Browsing through my Apple Music account in the last few days brought forth the revelation of an album that I had long forgotten about, and wrongly so. I had first heard of the name Ronnie Deauville through a fellow standard lover’s list of favorite singers in early 2012, and after entering the name in iTunes, I could find only one album, the wistful “Smoke Dreams,” credited to his name. Though his short recording career would only consist of a number of big band singles as well as two full LP albums throughout the 1950s, Deauville’s career is notable both for the challenging and inspiring story that accompanied it, as well as the voice of the vocalist, a deep, rich baritone that seemed to be crafted out of pure silk.
Compared often favorably to a young Frank Sinatra (though Deauville possessed even deeper ranges of the lowest tones on the music scale), Deauville’s stint in the public eye began shortly after service in the Marine Air Corps during World War II. His first job after arriving stateside singing at a small theater in Hollywood would lead to chance notice by a talent scout, which led to his employment as boy singer with a number of orchestras of the time, among them Glen Gray, Tex Beneke, and Ray Anthony, the latter two of which with Deauville would record a number of arrangements as featured vocalist amongst the many instrumental orchestrations.
It would lead to the recording of his first solo album in 1956. Released by Era Records, an independent outfit founded by Herb Newman and Lou Bedell only a year before, “Smoke Dreams” featured a dramatic cover depicting a mist-enshrouded Deauville clad in a white tuxedo singing and beckoning to a beautiful model outstretched on a bed below, entranced by his sound and raising a cigarette holder in recognizance, the smoke from her cigarette drifting and forming the title of the record.
The title number was composed by musician Lloyd Shaffer some years earlier in 1947, and it is the writer himself who backs Deauville on the album’s collection of thirteen tunes with a small (and to this date, nameless) quintet ensemble, with the song “Smoke Dreams” both opening and closing the recording, and in the midst, a delightful, low-key, intimate program of love songs. Owing to the idea behind Sinatra’s concept albums (basing a collection of songs around a certain theme or feeling), Deauville croons his way gently throughout, featuring perhaps the finest, heart-wrenching version of the song “Say It Isn’t So” ever recorded.
What was a promising start came to an abrupt halt a few weeks after the recording sessions, when Ronnie suffered an automobile accident. In the midst of hospital treatment, Deauville contracted Polio. With the revolutionary vaccine at this point still undiscovered, Deauville spent a year in an iron lung. Although many said he would be unable to ever sing again due to the havoc the disease inflicted on breath control, Deauville persisted. After a long period of training his vocal cords to support the change, Deauville would return to the stage successfully, albeit in a wheelchair, and would even record a new album with Imperial Records, “Romance With Ronnie,” considered even better than its Era predecessor. Unfortunately, this 1959 record has never been released past its original LP issue.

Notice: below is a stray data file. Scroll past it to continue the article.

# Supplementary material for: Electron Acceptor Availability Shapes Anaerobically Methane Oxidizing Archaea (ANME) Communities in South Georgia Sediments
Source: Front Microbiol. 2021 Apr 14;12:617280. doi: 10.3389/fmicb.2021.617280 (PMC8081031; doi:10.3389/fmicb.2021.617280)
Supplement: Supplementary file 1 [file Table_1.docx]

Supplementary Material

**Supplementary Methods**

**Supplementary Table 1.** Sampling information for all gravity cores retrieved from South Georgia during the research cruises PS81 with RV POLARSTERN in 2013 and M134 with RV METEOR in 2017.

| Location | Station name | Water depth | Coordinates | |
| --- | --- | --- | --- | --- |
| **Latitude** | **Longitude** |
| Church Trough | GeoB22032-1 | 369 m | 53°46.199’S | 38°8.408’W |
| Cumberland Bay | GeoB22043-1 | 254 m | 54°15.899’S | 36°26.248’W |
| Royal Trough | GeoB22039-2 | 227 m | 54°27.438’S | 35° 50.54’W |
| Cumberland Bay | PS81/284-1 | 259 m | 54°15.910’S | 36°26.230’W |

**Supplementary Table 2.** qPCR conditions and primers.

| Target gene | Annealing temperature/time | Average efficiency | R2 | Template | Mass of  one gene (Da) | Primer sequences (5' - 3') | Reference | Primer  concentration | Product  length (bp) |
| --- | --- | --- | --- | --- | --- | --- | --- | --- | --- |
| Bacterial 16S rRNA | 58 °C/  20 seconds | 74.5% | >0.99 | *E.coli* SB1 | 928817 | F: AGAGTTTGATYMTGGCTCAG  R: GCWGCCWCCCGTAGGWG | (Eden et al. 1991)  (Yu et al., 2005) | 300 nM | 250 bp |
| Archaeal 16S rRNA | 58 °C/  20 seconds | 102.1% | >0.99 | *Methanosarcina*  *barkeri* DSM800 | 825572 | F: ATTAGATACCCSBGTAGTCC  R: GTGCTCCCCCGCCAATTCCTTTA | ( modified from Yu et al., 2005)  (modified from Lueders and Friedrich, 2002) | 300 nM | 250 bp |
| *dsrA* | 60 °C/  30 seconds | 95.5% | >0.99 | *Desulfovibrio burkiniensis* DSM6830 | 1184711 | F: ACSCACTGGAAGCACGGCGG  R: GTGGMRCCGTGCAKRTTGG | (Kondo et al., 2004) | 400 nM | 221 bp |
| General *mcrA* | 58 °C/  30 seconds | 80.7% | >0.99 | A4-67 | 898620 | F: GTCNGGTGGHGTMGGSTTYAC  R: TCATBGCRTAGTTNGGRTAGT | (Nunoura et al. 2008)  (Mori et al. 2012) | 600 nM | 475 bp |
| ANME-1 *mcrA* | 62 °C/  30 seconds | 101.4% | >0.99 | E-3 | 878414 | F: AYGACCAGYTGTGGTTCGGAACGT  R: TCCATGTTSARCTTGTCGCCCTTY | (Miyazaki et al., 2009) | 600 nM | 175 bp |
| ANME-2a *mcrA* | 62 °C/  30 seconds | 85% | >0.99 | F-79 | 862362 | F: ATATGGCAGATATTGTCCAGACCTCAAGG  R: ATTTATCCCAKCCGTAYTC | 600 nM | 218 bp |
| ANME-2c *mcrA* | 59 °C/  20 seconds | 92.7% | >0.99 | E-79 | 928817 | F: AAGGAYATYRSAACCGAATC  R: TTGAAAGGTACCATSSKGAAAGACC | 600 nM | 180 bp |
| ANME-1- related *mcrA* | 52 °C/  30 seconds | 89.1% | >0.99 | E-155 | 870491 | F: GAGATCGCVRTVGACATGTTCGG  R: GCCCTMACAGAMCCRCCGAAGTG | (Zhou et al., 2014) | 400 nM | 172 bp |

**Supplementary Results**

With his illness sidelining him from any type of sustainable stage career due to the pressures of being wheelchair-bound, Deauville would eventually stop live performances and continue in show business with a career in voice work, performing singing and vocal dubbing in the sound booths of many famous Hollywood studios, among them 20th Century Fox and Warner Brothers.
Ralph Edwards would also feature Deauville on a special episode of “This Is Your Life,” with Deauville ushered to the studio under the ruse of recording a song promotional for the March of Dimes and surprised by Edwards in the midst of singing the song “Laura,” a tune earlier performed by Ronnie while on the road with Tex Beneke, who was also a guest on the program. Deauville would pass away with his family by his side in Florida during Christmas 1990.
On some recent trips to my local Barnes and Noble, noticing the rapidly shrinking music section, it is becoming clear that compact discs are beginning the road to antiquity. Indeed, with the advent and takeover of the digital download on the home audio market, it is much less costly to record a song in studio and sell it directly via a download link rather than produce physical copies. While this is disappointing to a record buyer (like myself) who relishes picking up his copies in store and having the enjoyment of reading accompanying liner notes, the popularity of the digital download had made it possible for the material of an obscure singer like Deauville to reach a modern audience.
It began with the “Smoke Dreams” album in the early 2010s, as well as later with a 2013 release from the “Sounds of Yesteryear” record label (digitally as well as compact disc). Featuring his collected singles with the big bands of both Tex Beneke and Ray Anthony as well as the entirety of the “Smoke Dreams” album, “The Vocal Touch of Ronnie Deauville” is perhaps the best way to investigate the majority of Deauville’s recorded work. Twenty-nine tracks in all, it’s a fine testament to a voice that, while not the product of a superfluous career, was the instrument to a fellow who beat the odds.
Pick up a copy of it now; most places retail it for less than $10. Highly recommended. 5/5.
Until next time, music lovers!
Jerry Pearce is an amateur singer in the vein of Frank Sinatra, Perry Como, and Dick Haymes and has released two discs of standards music, Crossroads in 2010, and One Summer Night in 2016. Samples of his music can be heard on his YouTube Channel. To purchase his CDs use the form box below.
Comments or questions are welcome.